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A decade after 9/11, the Cowboy Junkies' Michael Timmons reflects on a dark day in Tampa

6

September

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It was a wrong number. The woman had called the hotel looking for her husband, but instead got his friend and bandmate Michael Timmons.

Turn on the television, she told him.

What Timmons saw, sitting in his unfamiliar room in downtown Tampa, was breaking news footage of the World Trade Center, engulfed in smoke and chaos.

“I don’t know if, at that point, the towers had come down, or if they’d just been hit,” said Timmons, guitarist and songwriter for the Cowboy Junkies. “The problem is you’ve seen all the images at this point, so it’s hard to connect what you saw first, what you saw live and what you didn’t see live.”

Everything Michael Timmons remembers from 9/11, he experienced in Tampa. The Cowboy Junkies were in town for a concert that night at the State Theatre in St. Petersburg. But like everything else in America that was scheduled for Sept. 11, it was canceled. And so the cult Canadian folk band, best known for their dusty take on the Velvet Underground's Sweet Jane, spent the day in a strange Floridian city, far from home, watching terror unfold on TV.

Timmons called his wife in Canada, back home with their two young children. He met up with his bandmates, including siblings Margo and Peter. He walked the streets of downtown Tampa; the cops had some areas blocked off. He remembers looking out his hotel window at the Tampa Tribune/WFLA building across the Hillsborough River, thinking about all the activity that must be going on inside.

“I remember the Spanish-speaking station down there, they were broadcasting a lot of the images that some of the network stations weren’t broadcasting — close-ups of people jumping out of windows, tracing them down as they fell down the towers,” he said. “That was pretty horrific.”

Also staying at their hotel were workers from another tour in town that night: Janet Jackson at the Ice Palace. That show, too, was canceled. In one of the day’s many unlikely convergences, crews and musicians for both an international pop superstar and an independent Canadian folk band watched 9/11 unfold together at an outdoor poolside bar.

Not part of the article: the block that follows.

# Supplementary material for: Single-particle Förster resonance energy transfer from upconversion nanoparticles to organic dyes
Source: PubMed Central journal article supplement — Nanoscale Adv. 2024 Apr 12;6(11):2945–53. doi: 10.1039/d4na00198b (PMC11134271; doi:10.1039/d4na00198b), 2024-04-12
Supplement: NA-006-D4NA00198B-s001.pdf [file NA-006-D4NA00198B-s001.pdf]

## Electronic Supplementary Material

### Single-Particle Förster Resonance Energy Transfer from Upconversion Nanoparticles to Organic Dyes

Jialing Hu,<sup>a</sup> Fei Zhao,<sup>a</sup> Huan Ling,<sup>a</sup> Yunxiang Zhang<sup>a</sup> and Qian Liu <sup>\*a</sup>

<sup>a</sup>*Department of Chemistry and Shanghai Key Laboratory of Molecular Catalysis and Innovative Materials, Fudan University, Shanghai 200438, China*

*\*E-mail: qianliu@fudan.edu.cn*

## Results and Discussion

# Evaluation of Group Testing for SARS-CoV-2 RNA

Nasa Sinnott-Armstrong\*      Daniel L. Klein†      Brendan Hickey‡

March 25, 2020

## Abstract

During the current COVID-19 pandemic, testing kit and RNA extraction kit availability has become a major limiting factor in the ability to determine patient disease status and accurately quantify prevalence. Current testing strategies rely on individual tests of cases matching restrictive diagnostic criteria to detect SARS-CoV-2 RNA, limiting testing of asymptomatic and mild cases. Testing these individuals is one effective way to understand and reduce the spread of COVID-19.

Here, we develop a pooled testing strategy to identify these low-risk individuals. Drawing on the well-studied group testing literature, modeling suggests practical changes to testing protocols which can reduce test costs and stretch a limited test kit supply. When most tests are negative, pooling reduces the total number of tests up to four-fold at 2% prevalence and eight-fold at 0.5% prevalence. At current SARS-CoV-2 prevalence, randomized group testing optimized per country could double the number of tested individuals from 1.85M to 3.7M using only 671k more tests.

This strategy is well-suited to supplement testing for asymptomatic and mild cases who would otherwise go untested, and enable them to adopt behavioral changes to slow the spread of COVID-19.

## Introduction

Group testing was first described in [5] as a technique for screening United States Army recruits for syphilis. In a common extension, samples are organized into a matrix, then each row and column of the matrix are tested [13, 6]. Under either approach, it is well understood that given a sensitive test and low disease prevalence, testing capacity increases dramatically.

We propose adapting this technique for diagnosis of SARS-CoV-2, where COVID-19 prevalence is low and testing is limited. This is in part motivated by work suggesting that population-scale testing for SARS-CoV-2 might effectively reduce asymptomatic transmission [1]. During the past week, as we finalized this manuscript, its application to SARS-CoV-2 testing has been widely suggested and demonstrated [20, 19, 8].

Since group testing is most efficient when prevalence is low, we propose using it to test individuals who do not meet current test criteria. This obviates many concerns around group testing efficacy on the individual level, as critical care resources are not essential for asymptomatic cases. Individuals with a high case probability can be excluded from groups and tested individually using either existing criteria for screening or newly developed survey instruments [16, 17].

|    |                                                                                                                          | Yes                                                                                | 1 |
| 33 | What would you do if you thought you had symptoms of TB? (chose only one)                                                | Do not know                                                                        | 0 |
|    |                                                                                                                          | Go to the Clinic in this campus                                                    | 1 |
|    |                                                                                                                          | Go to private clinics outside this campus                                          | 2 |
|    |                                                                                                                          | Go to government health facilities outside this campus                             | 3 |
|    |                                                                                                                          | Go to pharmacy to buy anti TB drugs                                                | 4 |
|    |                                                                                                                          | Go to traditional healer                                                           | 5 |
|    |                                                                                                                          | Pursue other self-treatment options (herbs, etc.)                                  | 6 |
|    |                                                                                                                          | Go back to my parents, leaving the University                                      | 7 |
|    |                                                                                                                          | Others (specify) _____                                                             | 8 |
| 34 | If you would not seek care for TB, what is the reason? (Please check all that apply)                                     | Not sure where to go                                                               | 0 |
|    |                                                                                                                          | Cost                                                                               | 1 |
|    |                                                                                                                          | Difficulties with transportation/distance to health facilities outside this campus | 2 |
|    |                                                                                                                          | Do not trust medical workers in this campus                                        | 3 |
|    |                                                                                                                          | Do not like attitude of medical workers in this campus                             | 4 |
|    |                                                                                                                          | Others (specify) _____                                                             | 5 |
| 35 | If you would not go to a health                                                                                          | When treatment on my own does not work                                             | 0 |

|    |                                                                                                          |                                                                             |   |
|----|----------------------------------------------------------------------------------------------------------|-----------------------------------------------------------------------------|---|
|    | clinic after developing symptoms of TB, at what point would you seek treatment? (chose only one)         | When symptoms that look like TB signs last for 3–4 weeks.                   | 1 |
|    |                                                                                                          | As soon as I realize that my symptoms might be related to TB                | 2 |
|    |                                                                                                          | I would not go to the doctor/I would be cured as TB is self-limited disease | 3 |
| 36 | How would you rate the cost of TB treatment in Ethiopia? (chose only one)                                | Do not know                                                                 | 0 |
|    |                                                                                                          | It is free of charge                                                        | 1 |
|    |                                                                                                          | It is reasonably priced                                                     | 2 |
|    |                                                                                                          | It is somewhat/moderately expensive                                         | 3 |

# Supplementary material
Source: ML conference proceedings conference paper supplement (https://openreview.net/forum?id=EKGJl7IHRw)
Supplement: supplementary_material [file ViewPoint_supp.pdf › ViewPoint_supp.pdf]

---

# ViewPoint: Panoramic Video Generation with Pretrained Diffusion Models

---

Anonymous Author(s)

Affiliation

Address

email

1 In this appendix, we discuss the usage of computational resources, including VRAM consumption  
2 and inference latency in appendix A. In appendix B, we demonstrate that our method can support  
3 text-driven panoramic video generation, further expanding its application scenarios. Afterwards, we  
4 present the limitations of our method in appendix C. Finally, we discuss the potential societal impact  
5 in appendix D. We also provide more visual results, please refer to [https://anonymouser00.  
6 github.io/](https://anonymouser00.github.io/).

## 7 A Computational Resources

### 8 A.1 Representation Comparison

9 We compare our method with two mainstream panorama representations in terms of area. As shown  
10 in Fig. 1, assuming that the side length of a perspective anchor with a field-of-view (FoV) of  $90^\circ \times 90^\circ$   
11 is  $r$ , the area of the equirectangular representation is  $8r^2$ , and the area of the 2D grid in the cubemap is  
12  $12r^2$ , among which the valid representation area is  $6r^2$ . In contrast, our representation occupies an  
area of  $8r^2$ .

“You sit around, you have to watch these images over and over and over again,” he said. “Not a lot was said. People were just kind of shaking their heads, not knowing what to do.”

This much, he remembers clearly: The Junkies wanted to play. Canceling that night's concert in St. Pete was not their choice, and it left the band completely frustrated.

“If there’s ever been a reason to play, it’s right now,” he remembers thinking. “As musicians, we have a real belief in the healing power of music, the way it can bring people together. ... Doing something that was so deeply personal, we knew we could connect with an audience in a theater. We knew it would be very healing for everybody involved. That’s really what we wanted to do, was make that connection. We knew it would be a special show because it was so necessary.”

The band had the next day off, so they spent a second night in Tampa. On Sept. 13, they picked up their instruments in Gainesville.

“One of the worst shows we’ve ever experienced,” Timmons said. “There was nobody in the club, and the club was a horrible place. It just felt like, this was wrong to be playing at this point. The country was still stunned.”

On Sept. 14, they played to an edgy, nervous crowd in Birmingham, Ala. On Sept. 15, they played to a dark and silent house in New Orleans.

“And then we went to Houston,” he said, “and we had the most amazing show, which I think we’ll all remember of our career. It was five days on now, and everybody had been sitting and watching the same images for five days. I think people finally felt, 'Okay, we gotta get out and somehow get on with our lives.’ There was the most amazing feeling in the crowd and in the audience. It was this real ... almost this weird celebration of moving on.”

In the years that followed, the Cowboy Junkies, like many other artists, got caught up in the anti-war sentiment of the post-9/11 era. In 2005, they released Early 21st Century Blues, a collection of protest-song covers and a few originals written by Timmons, such as December Skies:

September skies
Bodies falling
Never again will you catch me admiring
Those vast September skies

A couple of years ago, the Cowboy Junkies returned to Florida for the first time since September of 2001. “We were very aware that we hadn’t been back there since that time,” Timmons said. “We talked about it a lot, about how the last time we were down here was Sept. 11. It did bring back memories.”

They played Orlando. They played Stuart. “Man, I love that Florida sunshine,” Timmons wrote in a tour diary entry from that leg.

But they didn’t play Tampa Bay. They haven’t been back since 9/11.

-- Jay Cridlin, tbt*

[Last modified: Friday, September 2, 2011 6:21pm]

    

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